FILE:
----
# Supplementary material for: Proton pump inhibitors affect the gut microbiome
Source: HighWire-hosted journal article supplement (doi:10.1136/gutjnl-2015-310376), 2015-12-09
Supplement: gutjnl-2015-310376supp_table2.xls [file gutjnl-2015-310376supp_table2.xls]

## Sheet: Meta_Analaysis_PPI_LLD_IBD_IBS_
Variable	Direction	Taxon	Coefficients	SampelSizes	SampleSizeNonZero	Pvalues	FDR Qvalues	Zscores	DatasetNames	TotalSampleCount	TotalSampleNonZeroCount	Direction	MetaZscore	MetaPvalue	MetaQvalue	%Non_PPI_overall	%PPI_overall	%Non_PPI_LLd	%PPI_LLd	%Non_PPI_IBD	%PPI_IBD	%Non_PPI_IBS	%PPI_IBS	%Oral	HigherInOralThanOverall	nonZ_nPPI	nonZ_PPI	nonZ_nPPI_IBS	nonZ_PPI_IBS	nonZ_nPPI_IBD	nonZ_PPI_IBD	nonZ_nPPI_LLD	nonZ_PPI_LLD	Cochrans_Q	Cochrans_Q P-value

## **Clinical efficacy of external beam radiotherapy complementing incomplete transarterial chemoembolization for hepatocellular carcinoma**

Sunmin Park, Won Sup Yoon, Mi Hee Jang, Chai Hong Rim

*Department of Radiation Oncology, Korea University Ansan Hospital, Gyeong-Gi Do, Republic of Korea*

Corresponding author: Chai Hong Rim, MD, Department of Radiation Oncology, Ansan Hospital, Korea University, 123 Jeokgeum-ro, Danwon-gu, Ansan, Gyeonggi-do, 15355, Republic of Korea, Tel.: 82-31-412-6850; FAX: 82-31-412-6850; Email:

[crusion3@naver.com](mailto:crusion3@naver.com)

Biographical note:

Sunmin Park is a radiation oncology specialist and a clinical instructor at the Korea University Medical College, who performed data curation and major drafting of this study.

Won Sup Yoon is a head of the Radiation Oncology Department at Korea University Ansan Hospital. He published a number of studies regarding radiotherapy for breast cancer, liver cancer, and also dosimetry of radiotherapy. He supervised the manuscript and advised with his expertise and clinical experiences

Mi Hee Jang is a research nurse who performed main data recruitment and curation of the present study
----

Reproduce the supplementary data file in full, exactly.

# Supplementary material for: Proton pump inhibitors affect the gut microbiome
Source: HighWire-hosted journal article supplement (doi:10.1136/gutjnl-2015-310376), 2015-12-09
Supplement: gutjnl-2015-310376supp_table2.xls [file gutjnl-2015-310376supp_table2.xls]

## Sheet: Meta_Analaysis_PPI_LLD_IBD_IBS_
Variable	Direction	Taxon	Coefficients	SampelSizes	SampleSizeNonZero	Pvalues	FDR Qvalues	Zscores	DatasetNames	TotalSampleCount	TotalSampleNonZeroCount	Direction	MetaZscore	MetaPvalue	MetaQvalue	%Non_PPI_overall	%PPI_overall	%Non_PPI_LLd	%PPI_LLd	%Non_PPI_IBD	%PPI_IBD	%Non_PPI_IBS	%PPI_IBS	%Oral	HigherInOralThanOverall	nonZ_nPPI	nonZ_PPI	nonZ_nPPI_IBS	nonZ_PPI_IBS	nonZ_nPPI_IBD	nonZ_PPI_IBD	nonZ_nPPI_LLD	nonZ_PPI_LLD	Cochrans_Q	Cochrans_Q P-value

## **Clinical efficacy of external beam radiotherapy complementing incomplete transarterial chemoembolization for hepatocellular carcinoma**

Sunmin Park, Won Sup Yoon, Mi Hee Jang, Chai Hong Rim

*Department of Radiation Oncology, Korea University Ansan Hospital, Gyeong-Gi Do, Republic of Korea*

Corresponding author: Chai Hong Rim, MD, Department of Radiation Oncology, Ansan Hospital, Korea University, 123 Jeokgeum-ro, Danwon-gu, Ansan, Gyeonggi-do, 15355, Republic of Korea, Tel.: 82-31-412-6850; FAX: 82-31-412-6850; Email:

[crusion3@naver.com](mailto:crusion3@naver.com)

Biographical note:

Sunmin Park is a radiation oncology specialist and a clinical instructor at the Korea University Medical College, who performed data curation and major drafting of this study.

Won Sup Yoon is a head of the Radiation Oncology Department at Korea University Ansan Hospital. He published a number of studies regarding radiotherapy for breast cancer, liver cancer, and also dosimetry of radiotherapy. He supervised the manuscript and advised with his expertise and clinical experiences

Mi Hee Jang is a research nurse who performed main data recruitment and curation of the present study